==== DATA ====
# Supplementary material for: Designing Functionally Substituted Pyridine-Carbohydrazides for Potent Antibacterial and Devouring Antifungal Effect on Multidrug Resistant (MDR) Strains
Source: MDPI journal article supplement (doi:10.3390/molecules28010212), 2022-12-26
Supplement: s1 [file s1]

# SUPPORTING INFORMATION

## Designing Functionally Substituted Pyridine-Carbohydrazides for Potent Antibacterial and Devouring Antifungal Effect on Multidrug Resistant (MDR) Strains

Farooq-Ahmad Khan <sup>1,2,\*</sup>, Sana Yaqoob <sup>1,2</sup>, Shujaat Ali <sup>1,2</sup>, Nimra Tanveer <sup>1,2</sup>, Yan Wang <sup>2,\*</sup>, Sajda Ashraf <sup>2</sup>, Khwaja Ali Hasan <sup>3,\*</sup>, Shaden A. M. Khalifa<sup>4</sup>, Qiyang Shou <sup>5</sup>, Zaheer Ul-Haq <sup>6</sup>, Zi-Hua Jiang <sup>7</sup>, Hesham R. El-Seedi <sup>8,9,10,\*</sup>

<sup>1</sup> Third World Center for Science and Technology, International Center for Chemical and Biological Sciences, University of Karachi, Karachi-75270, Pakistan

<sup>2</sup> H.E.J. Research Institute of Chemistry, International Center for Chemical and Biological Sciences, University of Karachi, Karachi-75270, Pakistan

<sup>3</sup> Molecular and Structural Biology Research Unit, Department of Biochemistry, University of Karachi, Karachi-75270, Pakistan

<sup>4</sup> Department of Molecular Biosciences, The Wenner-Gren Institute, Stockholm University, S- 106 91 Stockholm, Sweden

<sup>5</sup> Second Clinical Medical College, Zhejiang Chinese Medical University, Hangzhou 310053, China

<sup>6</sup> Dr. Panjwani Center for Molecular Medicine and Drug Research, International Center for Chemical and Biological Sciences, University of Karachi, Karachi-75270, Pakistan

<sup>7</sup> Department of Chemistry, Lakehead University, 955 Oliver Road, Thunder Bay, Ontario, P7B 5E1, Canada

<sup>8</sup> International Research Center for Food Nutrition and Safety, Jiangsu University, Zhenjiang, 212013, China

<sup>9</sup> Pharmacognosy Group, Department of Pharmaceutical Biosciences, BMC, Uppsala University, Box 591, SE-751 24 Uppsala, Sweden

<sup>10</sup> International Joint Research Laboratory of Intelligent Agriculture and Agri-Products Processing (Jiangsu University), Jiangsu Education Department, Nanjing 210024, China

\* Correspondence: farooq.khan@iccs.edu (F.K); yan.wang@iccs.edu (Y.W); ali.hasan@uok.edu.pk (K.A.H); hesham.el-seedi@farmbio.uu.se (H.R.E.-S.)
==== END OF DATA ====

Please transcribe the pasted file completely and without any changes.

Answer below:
# Supplementary material for: Designing Functionally Substituted Pyridine-Carbohydrazides for Potent Antibacterial and Devouring Antifungal Effect on Multidrug Resistant (MDR) Strains
Source: MDPI journal article supplement (doi:10.3390/molecules28010212), 2022-12-26
Supplement: s1 [file s1]

# SUPPORTING INFORMATION

## Designing Functionally Substituted Pyridine-Carbohydrazides for Potent Antibacterial and Devouring Antifungal Effect on Multidrug Resistant (MDR) Strains

Farooq-Ahmad Khan <sup>1,2,\*</sup>, Sana Yaqoob <sup>1,2</sup>, Shujaat Ali <sup>1,2</sup>, Nimra Tanveer <sup>1,2</sup>, Yan Wang <sup>2,\*</sup>, Sajda Ashraf <sup>2</sup>, Khwaja Ali Hasan <sup>3,\*</sup>, Shaden A. M. Khalifa<sup>4</sup>, Qiyang Shou <sup>5</sup>, Zaheer Ul-Haq <sup>6</sup>, Zi-Hua Jiang <sup>7</sup>, Hesham R. El-Seedi <sup>8,9,10,\*</sup>

<sup>1</sup> Third World Center for Science and Technology, International Center for Chemical and Biological Sciences, University of Karachi, Karachi-75270, Pakistan

<sup>2</sup> H.E.J. Research Institute of Chemistry, International Center for Chemical and Biological Sciences, University of Karachi, Karachi-75270, Pakistan

<sup>3</sup> Molecular and Structural Biology Research Unit, Department of Biochemistry, University of Karachi, Karachi-75270, Pakistan

<sup>4</sup> Department of Molecular Biosciences, The Wenner-Gren Institute, Stockholm University, S- 106 91 Stockholm, Sweden

<sup>5</sup> Second Clinical Medical College, Zhejiang Chinese Medical University, Hangzhou 310053, China

<sup>6</sup> Dr. Panjwani Center for Molecular Medicine and Drug Research, International Center for Chemical and Biological Sciences, University of Karachi, Karachi-75270, Pakistan

<sup>7</sup> Department of Chemistry, Lakehead University, 955 Oliver Road, Thunder Bay, Ontario, P7B 5E1, Canada

<sup>8</sup> International Research Center for Food Nutrition and Safety, Jiangsu University, Zhenjiang, 212013, China

<sup>9</sup> Pharmacognosy Group, Department of Pharmaceutical Biosciences, BMC, Uppsala University, Box 591, SE-751 24 Uppsala, Sweden

<sup>10</sup> International Joint Research Laboratory of Intelligent Agriculture and Agri-Products Processing (Jiangsu University), Jiangsu Education Department, Nanjing 210024, China

\* Correspondence: farooq.khan@iccs.edu (F.K); yan.wang@iccs.edu (Y.W); ali.hasan@uok.edu.pk (K.A.H); hesham.el-seedi@farmbio.uu.se (H.R.E.-S.)